Cigarette use and taxation | Page 2 | Sunday Observer

Cigarette use and taxation

27 August, 2023

Alcohol and Drug Information Centre (ADIC) conducted an opinion survey on increasing cigarette taxes, covering 15 districts of the country. The study population of 2,653 was selected representing all Divisional Secretariats and the survey was conducted from May 7 to 17, 2023.

According to Program Director Amaranath Tenna, the ADIC opinion survey was conducted to understand the public’s knowledge on the importance of tobacco taxation and indexation; to seek the opinion of the public regarding IMF targets on tobacco tax and indexation; and to understand the level of support from the public for increasing tobacco tax and introducing indexation as tobacco control policies.

ADIC Program Director Amaranath
 Tenna at a workshop.

Frequency of collected data from each district.

Distribution of study participants is as follows.

1. If the taxes on goods and services are increased to boost the Government revenue, which of the following would you support increasing taxes on?

Explaining the harm of cigarette use to the Sunday Observer, Amaranath Tenna said that the use of cigarettes is a significant health concern in Sri Lanka. Being a deadly product, tobacco is accountable for over 20,000 preventable deaths per year caused by cancers, heart diseases and respiratory illnesses. Tobacco adds a heavy economic burden on the health sector, resulting from the high costs associated with treatments for tobacco-related diseases.

According to data from the Global Adult Tobacco (GAT) Survey, 2020, 9.1 percent of the people above 15 years of age were using cigarettes. Around 1,500,000 of the adults in Sri Lanka smoke cigarettes. Around Rs. 400 million of the hard-earned money of Sri Lankans is drained out of the country daily to foreign monopolies, at a time when the country is facing severe economic difficulties. According to Amaranath Tenna, from the total tax revenue, only 7 percent is contributed by tax on cigarettes in Sri Lanka.

Considering excise duty as government revenue is an outdated economic method, and the revenue received from excise duty cannot be regarded solely as government revenue. The gap between the excise duty and the cost borne by the Government due to health, economic and other consequences resulting from tobacco use should be scientifically calculated to determine whether excise duty brings actual revenue to the government.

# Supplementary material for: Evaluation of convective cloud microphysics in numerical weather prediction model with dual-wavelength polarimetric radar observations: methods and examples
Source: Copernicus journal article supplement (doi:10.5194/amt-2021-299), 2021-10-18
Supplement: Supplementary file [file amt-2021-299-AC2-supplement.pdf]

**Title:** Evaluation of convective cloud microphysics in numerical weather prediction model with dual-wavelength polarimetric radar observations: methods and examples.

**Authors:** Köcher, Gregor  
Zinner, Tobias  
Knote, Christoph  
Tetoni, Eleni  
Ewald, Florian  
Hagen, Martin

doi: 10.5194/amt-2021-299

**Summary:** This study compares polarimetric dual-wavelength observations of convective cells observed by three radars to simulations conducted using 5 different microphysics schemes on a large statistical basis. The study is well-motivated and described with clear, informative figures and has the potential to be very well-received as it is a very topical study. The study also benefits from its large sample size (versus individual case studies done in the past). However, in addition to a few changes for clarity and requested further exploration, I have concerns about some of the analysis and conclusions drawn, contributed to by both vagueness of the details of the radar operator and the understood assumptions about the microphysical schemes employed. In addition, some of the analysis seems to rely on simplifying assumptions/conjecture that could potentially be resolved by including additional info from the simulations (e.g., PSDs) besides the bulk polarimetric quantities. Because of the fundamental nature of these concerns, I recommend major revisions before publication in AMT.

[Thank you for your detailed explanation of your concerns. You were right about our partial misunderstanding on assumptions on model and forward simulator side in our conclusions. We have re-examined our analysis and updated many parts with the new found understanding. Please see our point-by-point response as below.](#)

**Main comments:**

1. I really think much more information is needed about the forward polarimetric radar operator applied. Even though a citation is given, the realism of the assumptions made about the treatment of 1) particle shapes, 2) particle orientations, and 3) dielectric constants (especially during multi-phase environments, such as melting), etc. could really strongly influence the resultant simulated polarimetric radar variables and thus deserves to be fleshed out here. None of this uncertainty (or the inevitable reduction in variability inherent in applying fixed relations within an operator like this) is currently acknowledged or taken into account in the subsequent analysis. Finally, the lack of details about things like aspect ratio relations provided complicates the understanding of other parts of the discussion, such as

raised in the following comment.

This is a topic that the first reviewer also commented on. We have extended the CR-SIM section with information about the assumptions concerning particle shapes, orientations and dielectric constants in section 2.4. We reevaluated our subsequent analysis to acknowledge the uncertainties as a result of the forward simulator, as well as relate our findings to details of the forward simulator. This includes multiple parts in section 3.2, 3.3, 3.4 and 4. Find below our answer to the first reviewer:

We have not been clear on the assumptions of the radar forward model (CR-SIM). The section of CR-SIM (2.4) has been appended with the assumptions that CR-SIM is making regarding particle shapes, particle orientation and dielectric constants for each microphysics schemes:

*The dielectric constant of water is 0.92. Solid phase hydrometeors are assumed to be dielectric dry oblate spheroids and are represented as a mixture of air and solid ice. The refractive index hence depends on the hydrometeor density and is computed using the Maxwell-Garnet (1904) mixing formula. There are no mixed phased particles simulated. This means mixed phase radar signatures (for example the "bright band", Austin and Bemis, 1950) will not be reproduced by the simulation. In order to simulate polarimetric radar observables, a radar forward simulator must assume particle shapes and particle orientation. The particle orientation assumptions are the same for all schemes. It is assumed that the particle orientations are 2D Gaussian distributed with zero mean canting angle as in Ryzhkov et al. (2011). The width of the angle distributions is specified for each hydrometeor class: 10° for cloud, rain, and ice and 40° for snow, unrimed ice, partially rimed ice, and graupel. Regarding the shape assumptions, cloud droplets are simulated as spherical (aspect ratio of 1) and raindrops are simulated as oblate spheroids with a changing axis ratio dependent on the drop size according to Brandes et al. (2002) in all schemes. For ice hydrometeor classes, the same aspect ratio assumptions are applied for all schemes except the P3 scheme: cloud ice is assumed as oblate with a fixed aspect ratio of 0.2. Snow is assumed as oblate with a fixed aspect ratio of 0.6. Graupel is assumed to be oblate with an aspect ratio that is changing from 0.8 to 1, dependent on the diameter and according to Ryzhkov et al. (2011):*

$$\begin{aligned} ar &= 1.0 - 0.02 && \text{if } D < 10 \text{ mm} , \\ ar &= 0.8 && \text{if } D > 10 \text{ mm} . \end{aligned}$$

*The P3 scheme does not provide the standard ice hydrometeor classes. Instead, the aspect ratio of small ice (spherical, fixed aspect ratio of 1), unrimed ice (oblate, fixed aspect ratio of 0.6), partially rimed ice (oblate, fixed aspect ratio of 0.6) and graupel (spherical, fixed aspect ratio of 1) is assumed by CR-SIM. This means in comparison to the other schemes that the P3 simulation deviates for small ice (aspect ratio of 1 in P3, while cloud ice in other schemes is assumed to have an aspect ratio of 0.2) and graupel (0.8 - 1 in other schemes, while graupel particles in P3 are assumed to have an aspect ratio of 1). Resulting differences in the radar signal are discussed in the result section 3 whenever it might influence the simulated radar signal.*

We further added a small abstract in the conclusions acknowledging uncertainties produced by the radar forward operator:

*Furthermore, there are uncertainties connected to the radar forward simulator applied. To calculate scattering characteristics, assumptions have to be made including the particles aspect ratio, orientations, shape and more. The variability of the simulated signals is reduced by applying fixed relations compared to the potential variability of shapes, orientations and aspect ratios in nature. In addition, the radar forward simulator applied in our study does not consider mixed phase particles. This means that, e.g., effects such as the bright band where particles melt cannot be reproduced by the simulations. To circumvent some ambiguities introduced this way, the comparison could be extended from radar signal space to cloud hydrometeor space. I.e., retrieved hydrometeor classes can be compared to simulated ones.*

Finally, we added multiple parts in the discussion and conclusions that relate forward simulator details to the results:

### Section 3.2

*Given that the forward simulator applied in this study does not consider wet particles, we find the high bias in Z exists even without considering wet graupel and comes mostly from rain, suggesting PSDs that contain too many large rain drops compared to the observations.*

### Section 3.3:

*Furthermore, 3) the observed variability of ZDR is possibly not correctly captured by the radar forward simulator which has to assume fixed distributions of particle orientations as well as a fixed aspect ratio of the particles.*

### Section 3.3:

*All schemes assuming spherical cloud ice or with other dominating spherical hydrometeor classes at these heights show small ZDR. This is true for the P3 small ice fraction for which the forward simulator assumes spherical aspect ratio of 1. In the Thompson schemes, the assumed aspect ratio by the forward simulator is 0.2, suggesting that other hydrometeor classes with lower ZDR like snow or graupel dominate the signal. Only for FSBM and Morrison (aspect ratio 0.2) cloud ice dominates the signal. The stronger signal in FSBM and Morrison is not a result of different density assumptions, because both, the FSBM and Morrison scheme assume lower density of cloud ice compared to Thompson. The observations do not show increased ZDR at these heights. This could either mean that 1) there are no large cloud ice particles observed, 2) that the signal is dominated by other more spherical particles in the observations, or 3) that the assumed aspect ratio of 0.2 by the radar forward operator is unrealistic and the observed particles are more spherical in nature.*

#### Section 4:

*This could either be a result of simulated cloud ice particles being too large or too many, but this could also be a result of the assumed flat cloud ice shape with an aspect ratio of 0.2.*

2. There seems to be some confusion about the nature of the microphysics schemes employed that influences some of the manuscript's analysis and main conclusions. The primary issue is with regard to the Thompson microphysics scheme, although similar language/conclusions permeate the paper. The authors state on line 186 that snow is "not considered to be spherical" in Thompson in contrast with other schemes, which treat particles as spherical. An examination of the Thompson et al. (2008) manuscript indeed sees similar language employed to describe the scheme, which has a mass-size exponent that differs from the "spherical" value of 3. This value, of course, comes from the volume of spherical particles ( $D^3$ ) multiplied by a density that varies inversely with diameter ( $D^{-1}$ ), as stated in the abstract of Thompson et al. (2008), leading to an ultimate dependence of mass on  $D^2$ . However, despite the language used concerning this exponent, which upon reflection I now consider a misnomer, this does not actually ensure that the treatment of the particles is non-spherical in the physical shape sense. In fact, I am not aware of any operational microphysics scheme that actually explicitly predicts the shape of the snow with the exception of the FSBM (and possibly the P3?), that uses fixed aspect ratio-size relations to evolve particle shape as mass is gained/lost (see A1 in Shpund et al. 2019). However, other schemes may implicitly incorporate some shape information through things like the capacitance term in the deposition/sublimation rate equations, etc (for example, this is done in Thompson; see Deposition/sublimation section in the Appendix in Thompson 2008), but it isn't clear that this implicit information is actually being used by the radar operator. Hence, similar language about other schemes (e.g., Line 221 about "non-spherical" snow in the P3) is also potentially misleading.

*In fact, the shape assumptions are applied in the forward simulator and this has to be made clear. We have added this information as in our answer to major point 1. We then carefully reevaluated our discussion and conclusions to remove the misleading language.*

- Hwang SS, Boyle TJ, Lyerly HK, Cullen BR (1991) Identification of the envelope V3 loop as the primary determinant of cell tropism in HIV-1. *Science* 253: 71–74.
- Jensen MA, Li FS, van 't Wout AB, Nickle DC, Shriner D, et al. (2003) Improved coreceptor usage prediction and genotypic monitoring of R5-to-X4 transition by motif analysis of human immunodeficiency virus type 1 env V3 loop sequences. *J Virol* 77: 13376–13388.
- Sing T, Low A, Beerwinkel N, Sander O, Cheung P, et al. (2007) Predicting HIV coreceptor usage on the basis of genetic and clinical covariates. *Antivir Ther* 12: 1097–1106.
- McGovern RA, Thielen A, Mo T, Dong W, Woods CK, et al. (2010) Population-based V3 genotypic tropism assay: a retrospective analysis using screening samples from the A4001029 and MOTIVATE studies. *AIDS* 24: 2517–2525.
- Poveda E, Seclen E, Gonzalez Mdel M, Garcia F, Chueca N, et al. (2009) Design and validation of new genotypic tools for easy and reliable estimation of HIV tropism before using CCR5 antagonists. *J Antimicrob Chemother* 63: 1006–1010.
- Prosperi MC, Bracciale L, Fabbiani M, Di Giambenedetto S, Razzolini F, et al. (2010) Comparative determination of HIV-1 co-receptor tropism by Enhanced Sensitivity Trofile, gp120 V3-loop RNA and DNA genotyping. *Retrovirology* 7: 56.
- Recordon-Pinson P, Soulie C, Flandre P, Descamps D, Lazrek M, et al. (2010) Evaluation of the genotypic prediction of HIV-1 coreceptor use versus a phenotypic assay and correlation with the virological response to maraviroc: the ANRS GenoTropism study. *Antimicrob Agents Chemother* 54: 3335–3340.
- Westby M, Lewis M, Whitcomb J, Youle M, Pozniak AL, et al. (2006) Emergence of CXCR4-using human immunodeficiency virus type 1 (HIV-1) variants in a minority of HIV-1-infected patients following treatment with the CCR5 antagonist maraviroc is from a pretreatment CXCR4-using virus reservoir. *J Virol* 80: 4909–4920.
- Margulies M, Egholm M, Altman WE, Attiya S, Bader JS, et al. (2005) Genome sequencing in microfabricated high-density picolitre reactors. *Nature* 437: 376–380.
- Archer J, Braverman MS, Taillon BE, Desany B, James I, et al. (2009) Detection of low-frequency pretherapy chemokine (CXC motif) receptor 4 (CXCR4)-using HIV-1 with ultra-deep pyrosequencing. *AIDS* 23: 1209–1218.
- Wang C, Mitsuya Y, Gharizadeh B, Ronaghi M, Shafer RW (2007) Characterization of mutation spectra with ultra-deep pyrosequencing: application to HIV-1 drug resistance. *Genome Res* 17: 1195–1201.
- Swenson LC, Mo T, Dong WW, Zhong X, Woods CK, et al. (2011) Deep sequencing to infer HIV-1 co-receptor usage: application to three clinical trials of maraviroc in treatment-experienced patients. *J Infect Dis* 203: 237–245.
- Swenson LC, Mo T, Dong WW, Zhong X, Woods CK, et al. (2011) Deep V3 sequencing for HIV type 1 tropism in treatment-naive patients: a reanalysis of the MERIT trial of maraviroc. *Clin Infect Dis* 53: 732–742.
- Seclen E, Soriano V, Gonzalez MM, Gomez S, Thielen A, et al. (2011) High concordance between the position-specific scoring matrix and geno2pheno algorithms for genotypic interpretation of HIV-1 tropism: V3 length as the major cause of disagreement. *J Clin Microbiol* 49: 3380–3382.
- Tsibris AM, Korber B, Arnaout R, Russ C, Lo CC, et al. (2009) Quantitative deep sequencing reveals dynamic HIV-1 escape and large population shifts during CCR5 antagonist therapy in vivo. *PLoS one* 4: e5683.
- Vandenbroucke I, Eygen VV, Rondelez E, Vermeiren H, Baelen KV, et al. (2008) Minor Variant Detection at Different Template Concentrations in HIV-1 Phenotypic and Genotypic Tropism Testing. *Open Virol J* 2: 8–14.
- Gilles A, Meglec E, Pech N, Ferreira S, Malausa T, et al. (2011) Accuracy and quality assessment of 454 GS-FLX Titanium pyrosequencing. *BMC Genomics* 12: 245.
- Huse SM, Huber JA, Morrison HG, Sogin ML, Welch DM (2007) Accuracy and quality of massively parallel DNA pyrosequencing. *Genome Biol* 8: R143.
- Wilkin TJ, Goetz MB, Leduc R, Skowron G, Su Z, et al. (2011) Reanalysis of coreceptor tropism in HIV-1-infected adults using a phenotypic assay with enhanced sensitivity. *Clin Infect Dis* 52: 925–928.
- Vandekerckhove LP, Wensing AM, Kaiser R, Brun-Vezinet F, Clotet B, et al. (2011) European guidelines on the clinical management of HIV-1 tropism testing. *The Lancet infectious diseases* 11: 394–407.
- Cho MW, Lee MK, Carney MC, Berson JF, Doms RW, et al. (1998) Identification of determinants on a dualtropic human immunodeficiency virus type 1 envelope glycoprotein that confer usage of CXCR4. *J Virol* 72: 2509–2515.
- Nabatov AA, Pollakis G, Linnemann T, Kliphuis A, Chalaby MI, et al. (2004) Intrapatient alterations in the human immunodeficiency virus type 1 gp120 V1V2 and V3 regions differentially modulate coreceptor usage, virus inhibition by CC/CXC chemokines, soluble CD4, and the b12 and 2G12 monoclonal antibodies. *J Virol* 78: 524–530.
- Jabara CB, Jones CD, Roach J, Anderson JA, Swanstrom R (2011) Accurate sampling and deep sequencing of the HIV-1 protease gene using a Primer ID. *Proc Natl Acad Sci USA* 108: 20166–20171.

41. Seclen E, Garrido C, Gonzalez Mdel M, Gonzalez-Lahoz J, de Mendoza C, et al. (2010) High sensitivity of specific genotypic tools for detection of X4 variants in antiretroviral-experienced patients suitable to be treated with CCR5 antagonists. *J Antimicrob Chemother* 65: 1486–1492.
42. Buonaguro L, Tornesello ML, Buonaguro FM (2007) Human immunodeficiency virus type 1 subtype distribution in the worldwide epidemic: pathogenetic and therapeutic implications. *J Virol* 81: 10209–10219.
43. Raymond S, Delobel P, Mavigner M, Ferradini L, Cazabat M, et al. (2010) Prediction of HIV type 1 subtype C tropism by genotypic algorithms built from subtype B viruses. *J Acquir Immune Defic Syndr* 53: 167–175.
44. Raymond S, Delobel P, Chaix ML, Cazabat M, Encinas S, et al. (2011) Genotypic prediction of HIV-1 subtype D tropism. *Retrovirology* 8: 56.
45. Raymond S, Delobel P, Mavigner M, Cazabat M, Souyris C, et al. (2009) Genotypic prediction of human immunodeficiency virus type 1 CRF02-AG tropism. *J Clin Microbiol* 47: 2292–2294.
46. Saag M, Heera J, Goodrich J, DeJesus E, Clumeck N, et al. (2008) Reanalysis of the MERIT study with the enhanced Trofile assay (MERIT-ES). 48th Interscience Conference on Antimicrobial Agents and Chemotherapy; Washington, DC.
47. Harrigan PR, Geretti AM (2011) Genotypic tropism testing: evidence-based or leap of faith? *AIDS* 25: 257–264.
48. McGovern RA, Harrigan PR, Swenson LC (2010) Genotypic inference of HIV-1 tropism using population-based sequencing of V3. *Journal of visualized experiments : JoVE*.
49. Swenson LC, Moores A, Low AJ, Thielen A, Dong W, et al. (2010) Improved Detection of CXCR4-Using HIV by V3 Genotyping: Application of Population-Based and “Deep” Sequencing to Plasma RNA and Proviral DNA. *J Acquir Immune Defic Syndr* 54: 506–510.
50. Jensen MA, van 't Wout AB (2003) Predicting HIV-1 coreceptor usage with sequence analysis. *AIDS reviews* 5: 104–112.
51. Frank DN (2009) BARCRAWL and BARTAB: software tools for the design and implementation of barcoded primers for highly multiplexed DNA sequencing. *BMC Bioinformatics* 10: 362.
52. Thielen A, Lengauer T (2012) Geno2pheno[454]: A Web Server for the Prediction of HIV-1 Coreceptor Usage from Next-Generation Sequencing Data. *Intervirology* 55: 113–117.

“For example, a study conducted by the World Health Organization (WHO), the National Authority on Tobacco and Alcohol (NATA) and the Ministry of Health revealed that the tax revenue received from cigarettes in 2015 was Rs. 80,015 million while the health and economic loss incurred on the Government due to cigarette use within the same year was Rs.84,320 million. This situation has gone from bad to worse after 7 years by 2023. “

 ‘According to the requirements of the IMF agreement, tax reforms need to be implemented as revenue generation measures under several criteria, including the following, such as increasing excise taxes on tobacco products by 20 percent and accordingly the first increase was implemented on January 1, 2023, for tobacco. The second increase is required to be implemented shortly.

Significantly increasing tobacco excise taxes and prices has been identified as the single most effective and cost-effective strategy for reducing tobacco use and associated harm.

Due to several forces acting through the Ministry of Finance, there is a delay in taking measures to establish a rational, scientific tobacco tax policy within the country, which has resulted in lost revenue of around Rs.200 billion within the past five years. Consequently, the majority of the lost revenue has become profits of the British American Tobacco (BAT).

Tenna, explaining the importance of the Tobacco tax and pricing and the current situation in Sri Lanka, said that the World Health Organization (WHO) recommends introducing taxes on tobacco products so that at least 75 percent of the retail price is tax.

“Based on the WHO guidelines, at least 75 percent of the retail price of tobacco products should be tax. But, according to calculations, the total tax per cigarette only amounts to about 66 percent from the retail price. Due to the lack of a rational tax policy, tax on cigarettes is not adjusted to maximum levels. Utilising this as an added advantage, tobacco maintains a large price margin by allocating a price increase on top of the tax increase that benefits the industry, which could have been earned by the government as tax revenue,” he said.